As Israel and Hamas face off and the Vatican condemns violence against civilians on both sides, let’s take a look at the history of the relationship between the Vatican and the state of Israel.
1904 – The father of Zionism meets Pope Pius X
A few years after the first Zionist Congress was held in Basel, Theodor Herzl was seeking support around the world for his plan for a Jewish home in Palestine. In January 1904, he was finally received at the Vatican. However, Pope Pius X firmly rejected his proposal.
In his diary, Theodor Herzl wrote of the Pontiff’s speech to him: “We cannot prevent the Jews from going to Jerusalem, but under no circumstances can we support this.” He reportedly added, “The Jews have not recognized Our Lord, therefore we cannot recognize the Jewish people.” The Pope’s “non possumus” will long remain the line taken by the Holy See, which is primarily concerned with maintaining peace in the region, protecting Christians and the Holy Places.
1948 – Pius XII’s concern about the war
After the proclamation of the State of Israel in May 1948, the region caught fire. In October of the same year, Pope Pius XII published an encyclical lamenting “the war which is upsetting Palestine.” Without mentioning Israel by name, he confessed his sadness at seeing “the blood of men continue to flow” on the land where Christ walked. The Pope was also concerned about the preservation of the Holy Places.
He took up the idea of giving Jerusalem an “international character” that would guarantee the protection of the shrines. He called for guaranteed access to the Holy Places scattered throughout Palestine, “as well as freedom of worship and respect for religious customs and traditions.”
1964 – Paul VI’s trip to the Holy Land
Pope Paul VI’s visit to the Holy Land in 1964 was a historic event. Never since St. Peter had a pope returned to the roads of Palestine. Aware of the political implications of this trip, Paul VI preferred to give it an exclusively religious character. Not once did he mention the name of the Hebrew state. At the time, no Arab country recognized its existence, nor did the Holy See. Paul VI did, however, meet the head of the Israeli government in Megiddo. Paul VI was followed by his successors: John Paul II in 2000, Benedict XVI in 2009 and Francis in 2014.
1965 – The Nostra Aetate declaration of the Second Vatican Council
Published in October 1965, the declaration Nostra Aetate opened a new page in the Catholic Church’s relations with the Jewish world. “Indeed, the Church believes that by His cross Christ, Our Peace, reconciled Jews and Gentiles, making both one in Himself,” say the Council Fathers.
This declaration — which was bitterly debated by Eastern patriarchs and bishops who found the text too political — states that Christ’s death cannot be imputed indiscriminately to the Jews of that time “nor to the Jews of our time.” A Secretariat for Christian Unity, responsible for ecumenical dialogue and relations with Judaism, was created in the wake of the Council. Pope John Paul II would later refer to Jews as “older brothers.”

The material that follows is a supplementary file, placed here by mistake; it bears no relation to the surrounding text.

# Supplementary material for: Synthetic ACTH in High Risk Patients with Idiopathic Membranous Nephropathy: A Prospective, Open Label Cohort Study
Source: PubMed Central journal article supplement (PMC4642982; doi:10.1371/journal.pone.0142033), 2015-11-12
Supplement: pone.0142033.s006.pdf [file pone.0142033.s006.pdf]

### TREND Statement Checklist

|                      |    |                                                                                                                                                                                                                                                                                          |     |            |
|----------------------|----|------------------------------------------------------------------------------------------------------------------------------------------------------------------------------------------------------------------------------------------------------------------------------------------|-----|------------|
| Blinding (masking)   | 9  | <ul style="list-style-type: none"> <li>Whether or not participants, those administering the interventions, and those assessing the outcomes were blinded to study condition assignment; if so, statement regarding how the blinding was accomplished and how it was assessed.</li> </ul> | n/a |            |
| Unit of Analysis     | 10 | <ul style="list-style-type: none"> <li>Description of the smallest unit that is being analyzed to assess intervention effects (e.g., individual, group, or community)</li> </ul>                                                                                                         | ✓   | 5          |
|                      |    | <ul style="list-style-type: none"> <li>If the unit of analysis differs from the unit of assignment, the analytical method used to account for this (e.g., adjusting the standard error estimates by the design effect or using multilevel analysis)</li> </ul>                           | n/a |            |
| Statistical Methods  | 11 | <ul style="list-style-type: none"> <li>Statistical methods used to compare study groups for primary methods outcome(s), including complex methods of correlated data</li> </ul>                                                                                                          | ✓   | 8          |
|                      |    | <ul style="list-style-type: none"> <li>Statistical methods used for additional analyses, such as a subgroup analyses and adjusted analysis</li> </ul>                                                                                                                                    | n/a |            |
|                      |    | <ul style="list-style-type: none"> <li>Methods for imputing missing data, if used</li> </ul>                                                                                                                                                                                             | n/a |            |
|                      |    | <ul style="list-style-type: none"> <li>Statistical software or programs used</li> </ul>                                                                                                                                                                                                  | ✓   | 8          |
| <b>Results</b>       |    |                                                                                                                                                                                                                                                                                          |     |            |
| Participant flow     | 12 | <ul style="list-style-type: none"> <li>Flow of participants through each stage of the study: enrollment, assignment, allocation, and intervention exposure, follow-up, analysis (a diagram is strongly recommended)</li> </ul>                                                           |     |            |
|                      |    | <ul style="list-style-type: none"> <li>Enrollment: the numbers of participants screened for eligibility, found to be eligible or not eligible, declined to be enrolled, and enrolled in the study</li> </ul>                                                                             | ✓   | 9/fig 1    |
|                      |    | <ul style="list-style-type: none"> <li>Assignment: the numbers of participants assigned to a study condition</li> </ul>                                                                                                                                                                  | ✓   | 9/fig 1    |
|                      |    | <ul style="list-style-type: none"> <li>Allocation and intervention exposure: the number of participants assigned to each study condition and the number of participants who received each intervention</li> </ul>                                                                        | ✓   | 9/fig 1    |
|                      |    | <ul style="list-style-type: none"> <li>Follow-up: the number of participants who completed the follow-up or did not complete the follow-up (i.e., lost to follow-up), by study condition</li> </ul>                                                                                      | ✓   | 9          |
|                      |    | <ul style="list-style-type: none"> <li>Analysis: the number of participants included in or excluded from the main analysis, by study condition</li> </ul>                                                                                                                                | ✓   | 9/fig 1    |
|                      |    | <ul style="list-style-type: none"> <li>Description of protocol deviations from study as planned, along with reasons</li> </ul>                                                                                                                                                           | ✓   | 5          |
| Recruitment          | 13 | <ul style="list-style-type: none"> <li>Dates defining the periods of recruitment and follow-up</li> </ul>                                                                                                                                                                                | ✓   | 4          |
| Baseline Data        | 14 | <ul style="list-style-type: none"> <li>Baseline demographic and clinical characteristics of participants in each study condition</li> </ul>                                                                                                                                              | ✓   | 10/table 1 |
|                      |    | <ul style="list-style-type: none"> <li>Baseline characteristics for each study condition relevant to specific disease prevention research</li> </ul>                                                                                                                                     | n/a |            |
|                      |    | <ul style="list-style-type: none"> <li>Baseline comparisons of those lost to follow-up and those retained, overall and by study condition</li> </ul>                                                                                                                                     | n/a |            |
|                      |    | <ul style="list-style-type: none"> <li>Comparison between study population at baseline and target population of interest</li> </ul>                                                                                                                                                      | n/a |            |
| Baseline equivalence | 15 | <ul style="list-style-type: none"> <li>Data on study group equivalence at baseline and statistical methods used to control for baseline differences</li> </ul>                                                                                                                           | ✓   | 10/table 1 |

1993 – Fundamental Agreement establishes diplomatic relations
It was not until December 30, 1993, that relations between the Holy See and Israel were officially normalized, with the signing of the Fundamental Agreement. This made it possible to establish diplomatic relations the following year.
Previously, there had been neither an Israeli embassy to the Holy See in Rome nor a nunciature in Israel, but only an apostolic delegation. There were, however, contacts between popes and Israeli government officials. Similarly, John Paul II had previously used the expression “State of Israel,” recognizing a de facto situation.
This diplomatic agreement was facilitated by the signing of the Oslo Accords three months earlier between Ytzhak Rabin, Israeli Prime Minister, and Yasser Arafat, Chairman of the PLO Executive Committee. These agreements laid the foundations for resolving the Israeli-Palestinian conflict. In 1994, official relations were also established between the Holy See and Yasser Arafat’s Palestine Liberation Organization.
The Basic Agreement launched a series of discussions between Rome and Israel on more technical subjects. In 1997, the two states reached a further agreement recognizing the legal personality of the Catholic Church. However, despite intensive talks, no comprehensive legal-financial agreement has yet been reached on issues relating to property rights and tax exemptions for the Church in Israel.
Prior to the creation of the State of Israel in 1948, Christian institutions in the Holy Land were exempt from taxation under the 1901 Mytilene Agreement with the Ottoman Empire, which controlled the region. This issue regularly raises major tensions between Israel and the Christian communities of the Holy Land.
2023 – The Holy See (still) supports the two-state solution
Vatican diplomacy remains committed to a two-state solution for Israel and Palestine. Last September, before the Hamas attack on Israel, Archbishop Paul Richard Gallagher, the linchpin of Vatican diplomacy, once again pleaded at the UN for a peace plan that would not be “to the detriment of local populations or the legitimate demands of Israelis and Palestinians.”
On the subject of the Palestinians, the British-born prelate called for “honest recognition” of the fact that they are in a “very weak position,” both because of internal governance problems and “the increasingly authoritarian and militarily invasive attitude of the State of Israel.”
Reacting to Hamas’s “inhuman” attack on Israel, Cardinal Secretary of State Pietro Parolin agreed with the Pope on “the right of those who are attacked to defend themselves,” but while sparing the civilians of Gaza. Interviewed by Vatican News on Friday, the Holy See’s “number 2” reiterated the vision of a two-state solution “which would allow Palestinians and Israelis to live side by side in peace and security.”